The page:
If you’re on the highway Thursday afternoon and you notice a straight couple on a motorcycle, and the girl looks suspiciously like Tibby from Sisterhood of the Traveling Pants, don’t strain your neck looking. Yes, that’s actress Amber Tamblyn. And no, that role is not the most interesting thing about her. It just so happens Tamblyn is also quite a good poet, and she and fellow writer/poet Derrick C. Brown, her motorcycle-riding companion, are cruising into town to bring their “poetry reading” (if you can call it that), Lazers of Sexcellence, to the backyard of The Wild Detectives at 7 p.m. Thursday, where it will serve as the feature performance of local literary nonprofit Wordspace’s season launch party.
If you hear the words poetry reading and think “Blegh” or “Let’s not and brag that we did,” but like slutty dancing, T-Pain or absurdist humor, then this might be just the event for you. Tamblyn and Brown, who have been performing their writing together for over a decade, say all three are likely to come up on Thursday, plus a whole lot more, including audience participation.
Tamblyn will read from her most recent collection of poetry, Dark Sparkler, for which she researched and wrote from the perspective of numerous female celebrities who died young, ranging from Marilyn Monroe to Brittany Murphy to lesser-known starlets. Brown, who lives in Austin and runs a publishing house there, Write Bloody, won the Texas Book Award in 2013 for his poetry collection Strange Light. This go around he's reading from Our Poison Horse, an autobiographical work named for a horse that had been attacked with pesticides. We talked with Tamblyn and Brown about their working relationship, what we can expect Thursday and why they think they’re entitled to be so goofy. Didn’t anyone tell them they are poets, and that is very serious business?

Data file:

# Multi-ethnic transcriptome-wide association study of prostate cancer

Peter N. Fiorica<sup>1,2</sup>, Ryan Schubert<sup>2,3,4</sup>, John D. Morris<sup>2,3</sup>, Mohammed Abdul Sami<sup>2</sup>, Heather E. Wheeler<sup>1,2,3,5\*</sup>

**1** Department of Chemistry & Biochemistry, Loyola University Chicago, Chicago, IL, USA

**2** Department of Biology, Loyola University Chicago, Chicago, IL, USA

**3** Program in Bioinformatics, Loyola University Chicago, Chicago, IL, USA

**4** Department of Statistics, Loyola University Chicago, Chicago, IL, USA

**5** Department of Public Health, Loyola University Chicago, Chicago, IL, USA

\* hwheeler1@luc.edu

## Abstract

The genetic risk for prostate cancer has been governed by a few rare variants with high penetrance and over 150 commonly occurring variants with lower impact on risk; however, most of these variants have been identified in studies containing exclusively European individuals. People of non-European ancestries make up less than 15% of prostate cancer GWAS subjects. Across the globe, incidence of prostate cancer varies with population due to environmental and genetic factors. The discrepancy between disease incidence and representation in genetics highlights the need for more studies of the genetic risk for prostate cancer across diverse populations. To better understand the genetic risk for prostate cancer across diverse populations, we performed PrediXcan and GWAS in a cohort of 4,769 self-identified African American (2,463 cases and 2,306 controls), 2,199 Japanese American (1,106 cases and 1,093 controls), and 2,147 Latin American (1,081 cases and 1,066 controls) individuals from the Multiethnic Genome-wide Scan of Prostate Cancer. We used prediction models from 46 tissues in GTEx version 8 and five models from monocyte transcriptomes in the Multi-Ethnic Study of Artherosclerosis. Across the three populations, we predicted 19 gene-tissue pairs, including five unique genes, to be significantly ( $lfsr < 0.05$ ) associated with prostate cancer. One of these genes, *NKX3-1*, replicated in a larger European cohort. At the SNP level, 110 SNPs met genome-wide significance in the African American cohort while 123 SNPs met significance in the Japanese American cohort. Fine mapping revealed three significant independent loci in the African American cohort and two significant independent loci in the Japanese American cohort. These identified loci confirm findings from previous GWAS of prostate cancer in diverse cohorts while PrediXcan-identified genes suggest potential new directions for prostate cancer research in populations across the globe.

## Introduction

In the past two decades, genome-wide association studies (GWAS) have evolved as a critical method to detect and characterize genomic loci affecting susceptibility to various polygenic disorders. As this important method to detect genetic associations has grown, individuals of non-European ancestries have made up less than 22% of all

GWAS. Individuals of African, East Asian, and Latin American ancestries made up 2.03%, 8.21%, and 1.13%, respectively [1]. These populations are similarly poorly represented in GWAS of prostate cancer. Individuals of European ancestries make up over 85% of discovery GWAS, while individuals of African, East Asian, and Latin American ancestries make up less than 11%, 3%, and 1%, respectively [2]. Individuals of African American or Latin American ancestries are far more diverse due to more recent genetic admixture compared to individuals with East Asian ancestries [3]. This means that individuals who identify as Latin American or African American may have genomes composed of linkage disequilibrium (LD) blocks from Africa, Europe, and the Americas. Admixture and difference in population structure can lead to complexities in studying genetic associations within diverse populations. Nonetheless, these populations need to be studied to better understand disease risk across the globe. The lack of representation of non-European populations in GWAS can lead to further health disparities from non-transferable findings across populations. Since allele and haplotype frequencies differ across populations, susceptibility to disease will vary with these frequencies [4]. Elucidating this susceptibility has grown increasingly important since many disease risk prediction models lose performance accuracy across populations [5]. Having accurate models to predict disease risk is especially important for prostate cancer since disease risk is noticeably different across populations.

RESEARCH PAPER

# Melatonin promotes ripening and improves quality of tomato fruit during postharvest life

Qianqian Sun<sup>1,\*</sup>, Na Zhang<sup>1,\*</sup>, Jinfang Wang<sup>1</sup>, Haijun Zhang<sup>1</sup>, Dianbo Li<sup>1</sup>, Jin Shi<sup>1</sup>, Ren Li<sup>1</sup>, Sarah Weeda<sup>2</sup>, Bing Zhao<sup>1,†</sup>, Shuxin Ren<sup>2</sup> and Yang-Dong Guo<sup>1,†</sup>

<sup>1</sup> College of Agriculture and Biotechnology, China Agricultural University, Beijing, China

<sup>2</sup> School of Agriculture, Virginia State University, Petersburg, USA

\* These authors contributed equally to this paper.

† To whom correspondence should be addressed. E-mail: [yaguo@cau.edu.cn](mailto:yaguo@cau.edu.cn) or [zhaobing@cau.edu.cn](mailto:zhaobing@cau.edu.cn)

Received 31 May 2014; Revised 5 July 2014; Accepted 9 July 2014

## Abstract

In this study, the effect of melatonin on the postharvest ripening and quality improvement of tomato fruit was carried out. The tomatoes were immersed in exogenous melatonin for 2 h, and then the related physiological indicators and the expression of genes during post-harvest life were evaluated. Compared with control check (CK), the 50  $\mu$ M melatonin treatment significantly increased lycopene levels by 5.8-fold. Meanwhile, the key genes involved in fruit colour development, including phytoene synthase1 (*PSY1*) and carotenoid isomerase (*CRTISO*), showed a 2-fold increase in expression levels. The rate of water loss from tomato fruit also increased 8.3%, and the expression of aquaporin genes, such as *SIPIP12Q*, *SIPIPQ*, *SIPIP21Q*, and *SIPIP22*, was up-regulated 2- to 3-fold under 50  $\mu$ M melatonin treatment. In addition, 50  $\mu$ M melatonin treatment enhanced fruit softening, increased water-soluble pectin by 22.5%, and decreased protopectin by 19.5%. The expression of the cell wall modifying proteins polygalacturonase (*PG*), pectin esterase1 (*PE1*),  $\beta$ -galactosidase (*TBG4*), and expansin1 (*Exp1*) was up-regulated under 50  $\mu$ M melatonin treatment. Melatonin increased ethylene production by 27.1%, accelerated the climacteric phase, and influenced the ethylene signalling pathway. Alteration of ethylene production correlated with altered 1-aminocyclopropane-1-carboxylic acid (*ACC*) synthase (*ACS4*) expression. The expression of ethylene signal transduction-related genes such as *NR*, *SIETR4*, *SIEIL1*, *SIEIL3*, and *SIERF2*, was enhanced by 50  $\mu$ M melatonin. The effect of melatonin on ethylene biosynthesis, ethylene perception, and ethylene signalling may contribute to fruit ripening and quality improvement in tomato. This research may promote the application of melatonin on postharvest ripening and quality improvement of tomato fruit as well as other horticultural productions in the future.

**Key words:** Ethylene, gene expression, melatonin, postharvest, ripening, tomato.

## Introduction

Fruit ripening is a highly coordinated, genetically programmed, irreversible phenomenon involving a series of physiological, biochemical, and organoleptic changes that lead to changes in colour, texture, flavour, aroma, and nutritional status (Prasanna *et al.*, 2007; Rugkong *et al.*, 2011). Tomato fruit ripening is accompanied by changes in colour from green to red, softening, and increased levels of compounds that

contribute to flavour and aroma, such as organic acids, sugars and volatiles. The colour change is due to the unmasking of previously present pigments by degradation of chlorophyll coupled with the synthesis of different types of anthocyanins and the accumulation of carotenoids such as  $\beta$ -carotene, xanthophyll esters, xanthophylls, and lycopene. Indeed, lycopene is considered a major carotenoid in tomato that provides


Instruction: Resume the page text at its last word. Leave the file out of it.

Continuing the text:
You two have been working together for a pretty long time now, right?
Tamblyn: Yeah, for 10 years … over 10 years at this point.
And even this particular show, Lazers of Sexcellence, you’ve toured for a while.
Brown: Yes, we’ve done 10 states and now we’re adding three. Oklahoma, Texas and Dallas.
You’re gonna flatter our ego! Can you tell me how your literary relationship began?
Tamblyn: We had known each other maybe 10 minutes before we were like, we should tour and do shows together. We both had the same sense of humor and felt the same way about poetry shows and how boring they can be. And how much more fun they could be, much more of a rock ‘n’ roll experience or improv experience — that they didn’t have to be this sort of boring thing, reading poems at a pulpit under a fluorescent light. We sort of banded together over that theory and did a couple of shows together. What you’ll be seeing in Dallas is basically exactly that connection.